Despite our growing awareness of health, fitness, and the effects of diet on our bodies, health complications such as heart disease and diabetes are on the rise. What were once considered illnesses that are more likely to effect the older generation are now becoming more common amongst younger people, too. Research suggests that this is largely due to poor diet and a lack of exercise, resulting in high levels of obesity.
Particularly concerning is the link between type 2 diabetes; cases of which have increased significantly among under 25s, and heart disease. This rise, according to Public Health England, could lead to there being five million diabetics in the UK by 2035, 39,000 of whom may suffer a heart attack. According to NHS research, type 2 diabetes actually increases the risk of heart disease by 48%.
Links Between Diabetes and Heart Disease
The links between diabetes and heart disease come down to obesity and high blood sugar levels, leading to an increase in fatty deposits building up in the arteries. As such, diabetes sufferers are much more likely to suffer from heart disease at an earlier age.
Heart Disease Prevention
Prevention of heart disease lies in maintaining a healthy, active lifestyle, no matter how old you are. Even those in middle-age can make changes to their diet and lifestyle which can reduce the risk of heart disease and heart failure.
Everyone can follow just a few basic steps to increase their heart health:
- Be more active – try doing more cardiovascular exercise, such as walking or running. An older person with a higher risk of heart disease may need to increase their level of activity in order to reverse the effects of a sedentary lifestyle. On average, 30 minutes a day of brisk walking can help to increase your overall fitness levels. It is also recommended that you include at least one session of strength training within your weekly exercise routine.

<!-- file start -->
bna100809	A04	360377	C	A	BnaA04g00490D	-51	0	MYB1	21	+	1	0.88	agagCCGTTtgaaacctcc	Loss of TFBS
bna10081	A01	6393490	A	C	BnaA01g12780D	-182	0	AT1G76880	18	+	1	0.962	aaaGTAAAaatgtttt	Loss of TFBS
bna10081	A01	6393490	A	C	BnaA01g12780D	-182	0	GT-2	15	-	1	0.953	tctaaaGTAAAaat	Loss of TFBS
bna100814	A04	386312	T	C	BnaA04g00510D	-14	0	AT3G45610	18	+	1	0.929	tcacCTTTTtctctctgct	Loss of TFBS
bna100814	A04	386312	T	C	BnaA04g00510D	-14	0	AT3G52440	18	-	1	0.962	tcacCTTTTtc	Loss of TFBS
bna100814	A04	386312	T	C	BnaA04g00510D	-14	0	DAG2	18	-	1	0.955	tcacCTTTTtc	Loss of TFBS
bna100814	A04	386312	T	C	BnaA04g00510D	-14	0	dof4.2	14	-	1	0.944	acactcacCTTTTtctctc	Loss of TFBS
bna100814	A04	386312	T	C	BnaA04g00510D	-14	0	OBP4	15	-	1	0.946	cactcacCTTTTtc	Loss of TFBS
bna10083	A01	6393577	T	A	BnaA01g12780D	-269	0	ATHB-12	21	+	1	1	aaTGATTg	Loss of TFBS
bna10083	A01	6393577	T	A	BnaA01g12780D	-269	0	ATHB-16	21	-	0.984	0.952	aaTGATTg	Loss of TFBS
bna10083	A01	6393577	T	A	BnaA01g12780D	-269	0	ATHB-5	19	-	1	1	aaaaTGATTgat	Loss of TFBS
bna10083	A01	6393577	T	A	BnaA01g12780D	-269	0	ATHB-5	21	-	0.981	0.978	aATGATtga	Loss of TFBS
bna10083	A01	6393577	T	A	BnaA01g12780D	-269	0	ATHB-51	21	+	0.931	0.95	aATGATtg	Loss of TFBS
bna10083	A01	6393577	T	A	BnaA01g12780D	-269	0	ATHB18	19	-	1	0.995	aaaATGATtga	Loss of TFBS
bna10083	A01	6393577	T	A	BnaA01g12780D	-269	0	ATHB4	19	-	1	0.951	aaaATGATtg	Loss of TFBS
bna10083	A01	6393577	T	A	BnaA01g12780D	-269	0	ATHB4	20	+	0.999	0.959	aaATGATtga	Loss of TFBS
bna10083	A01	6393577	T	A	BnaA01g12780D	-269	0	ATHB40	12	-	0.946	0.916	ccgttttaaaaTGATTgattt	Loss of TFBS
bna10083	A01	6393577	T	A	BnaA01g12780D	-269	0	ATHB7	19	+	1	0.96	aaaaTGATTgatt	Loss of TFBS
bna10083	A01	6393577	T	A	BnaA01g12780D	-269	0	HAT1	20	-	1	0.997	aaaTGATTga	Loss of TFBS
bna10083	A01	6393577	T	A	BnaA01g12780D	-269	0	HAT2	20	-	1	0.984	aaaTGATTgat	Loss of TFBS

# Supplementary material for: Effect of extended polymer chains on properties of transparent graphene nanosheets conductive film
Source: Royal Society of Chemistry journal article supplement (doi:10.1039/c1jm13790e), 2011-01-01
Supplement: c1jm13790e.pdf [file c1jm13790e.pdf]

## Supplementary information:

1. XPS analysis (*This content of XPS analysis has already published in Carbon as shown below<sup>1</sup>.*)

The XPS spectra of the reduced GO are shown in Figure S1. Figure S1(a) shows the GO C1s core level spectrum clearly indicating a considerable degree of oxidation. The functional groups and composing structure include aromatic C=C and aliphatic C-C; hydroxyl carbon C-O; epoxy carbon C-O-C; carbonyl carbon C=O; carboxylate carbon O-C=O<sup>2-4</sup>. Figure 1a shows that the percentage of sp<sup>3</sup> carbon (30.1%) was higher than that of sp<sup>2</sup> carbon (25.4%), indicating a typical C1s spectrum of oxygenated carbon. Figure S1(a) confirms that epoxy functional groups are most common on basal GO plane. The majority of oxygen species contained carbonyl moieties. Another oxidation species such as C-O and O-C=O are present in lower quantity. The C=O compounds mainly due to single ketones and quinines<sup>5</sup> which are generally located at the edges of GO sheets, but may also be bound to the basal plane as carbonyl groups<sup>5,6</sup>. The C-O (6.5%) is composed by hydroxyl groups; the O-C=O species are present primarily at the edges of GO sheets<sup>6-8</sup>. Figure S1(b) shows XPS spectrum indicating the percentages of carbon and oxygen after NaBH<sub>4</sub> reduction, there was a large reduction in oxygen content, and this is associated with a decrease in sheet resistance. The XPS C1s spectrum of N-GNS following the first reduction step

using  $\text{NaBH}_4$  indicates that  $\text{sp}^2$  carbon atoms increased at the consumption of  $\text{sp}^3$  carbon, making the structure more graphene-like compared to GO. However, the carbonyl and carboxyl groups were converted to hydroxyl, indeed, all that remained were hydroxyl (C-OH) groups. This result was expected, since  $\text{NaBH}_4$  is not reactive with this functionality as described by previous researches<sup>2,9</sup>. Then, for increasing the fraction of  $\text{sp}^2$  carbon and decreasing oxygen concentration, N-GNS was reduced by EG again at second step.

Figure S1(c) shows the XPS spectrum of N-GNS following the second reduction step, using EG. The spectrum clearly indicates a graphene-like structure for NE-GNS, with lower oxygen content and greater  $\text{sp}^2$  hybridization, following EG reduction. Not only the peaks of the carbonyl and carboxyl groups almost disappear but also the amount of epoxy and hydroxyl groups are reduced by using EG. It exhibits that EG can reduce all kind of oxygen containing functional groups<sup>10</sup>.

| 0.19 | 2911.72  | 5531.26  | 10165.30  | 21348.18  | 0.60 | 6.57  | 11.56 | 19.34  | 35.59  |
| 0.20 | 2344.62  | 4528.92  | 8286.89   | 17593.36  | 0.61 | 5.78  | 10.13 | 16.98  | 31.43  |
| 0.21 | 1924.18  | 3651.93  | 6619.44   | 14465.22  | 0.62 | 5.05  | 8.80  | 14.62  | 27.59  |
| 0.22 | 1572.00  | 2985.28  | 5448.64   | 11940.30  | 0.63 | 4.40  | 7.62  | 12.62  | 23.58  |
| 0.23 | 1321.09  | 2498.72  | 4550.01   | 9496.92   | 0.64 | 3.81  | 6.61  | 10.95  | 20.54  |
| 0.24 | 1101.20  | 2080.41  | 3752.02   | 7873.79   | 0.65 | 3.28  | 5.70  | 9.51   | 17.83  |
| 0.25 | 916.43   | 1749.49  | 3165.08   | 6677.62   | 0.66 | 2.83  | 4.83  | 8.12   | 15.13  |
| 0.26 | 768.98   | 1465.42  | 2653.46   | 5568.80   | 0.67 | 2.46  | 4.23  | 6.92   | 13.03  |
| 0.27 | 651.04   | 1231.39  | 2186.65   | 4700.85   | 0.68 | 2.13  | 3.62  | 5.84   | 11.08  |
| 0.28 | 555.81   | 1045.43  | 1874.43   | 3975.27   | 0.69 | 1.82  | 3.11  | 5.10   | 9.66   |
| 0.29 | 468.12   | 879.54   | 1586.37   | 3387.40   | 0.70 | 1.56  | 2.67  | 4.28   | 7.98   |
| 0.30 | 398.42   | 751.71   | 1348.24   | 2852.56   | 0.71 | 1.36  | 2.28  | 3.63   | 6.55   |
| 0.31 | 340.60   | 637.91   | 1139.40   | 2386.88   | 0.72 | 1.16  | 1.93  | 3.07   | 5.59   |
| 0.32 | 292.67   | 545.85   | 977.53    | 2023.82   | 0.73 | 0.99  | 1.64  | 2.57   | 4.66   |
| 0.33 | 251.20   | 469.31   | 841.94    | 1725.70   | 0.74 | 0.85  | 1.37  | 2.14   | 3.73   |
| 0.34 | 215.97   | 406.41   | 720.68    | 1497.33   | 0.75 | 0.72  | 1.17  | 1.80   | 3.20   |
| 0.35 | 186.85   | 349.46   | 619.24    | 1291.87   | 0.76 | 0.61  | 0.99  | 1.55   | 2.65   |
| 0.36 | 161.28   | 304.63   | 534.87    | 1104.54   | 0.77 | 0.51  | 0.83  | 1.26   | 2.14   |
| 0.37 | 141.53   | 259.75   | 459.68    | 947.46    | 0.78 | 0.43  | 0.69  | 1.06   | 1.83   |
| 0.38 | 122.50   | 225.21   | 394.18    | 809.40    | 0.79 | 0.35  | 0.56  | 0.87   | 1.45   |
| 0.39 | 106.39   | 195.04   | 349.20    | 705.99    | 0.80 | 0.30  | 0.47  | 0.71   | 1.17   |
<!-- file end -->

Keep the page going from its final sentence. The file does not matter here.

- Try a heart healthy diet – this would include reducing your sugar, saturated fats and salt intake. You should avoid things like fried foods and red meat, but try to increase your consumption of wholegrains, fruits and vegetables.
- Lose weight – Obesity is a leading cause of heart disease, so bringing your weight down is a perfect first step to reducing your risk of heart disease. Research has shown that by losing as little as 5lbs, we can start to reduce the pressure on our hearts.
- Quit smoking – Although many people choose to cut down on smoking rather than quitting altogether, research has found that even smoking just one cigarette a day can increase the risk of heart disease by 48%-57%.
Fighting Heart Disease
No matter your age or level of fitness, taking some steps to reduce your risk of heart related illnesses is a good idea, no matter how old you are. If you would like further information or are worried that you may be experiencing symptoms of heart disease, you can talk to your GP.
You can also find information and support from the British Heart Foundation or call their Helpline on 0300 330 3311. The Heart Helpline allows you to speak to a Cardiac Nurse, Monday to Friday 9am-5pm.
Diabetes sufferers can also find help and information on the Diabetes UK website.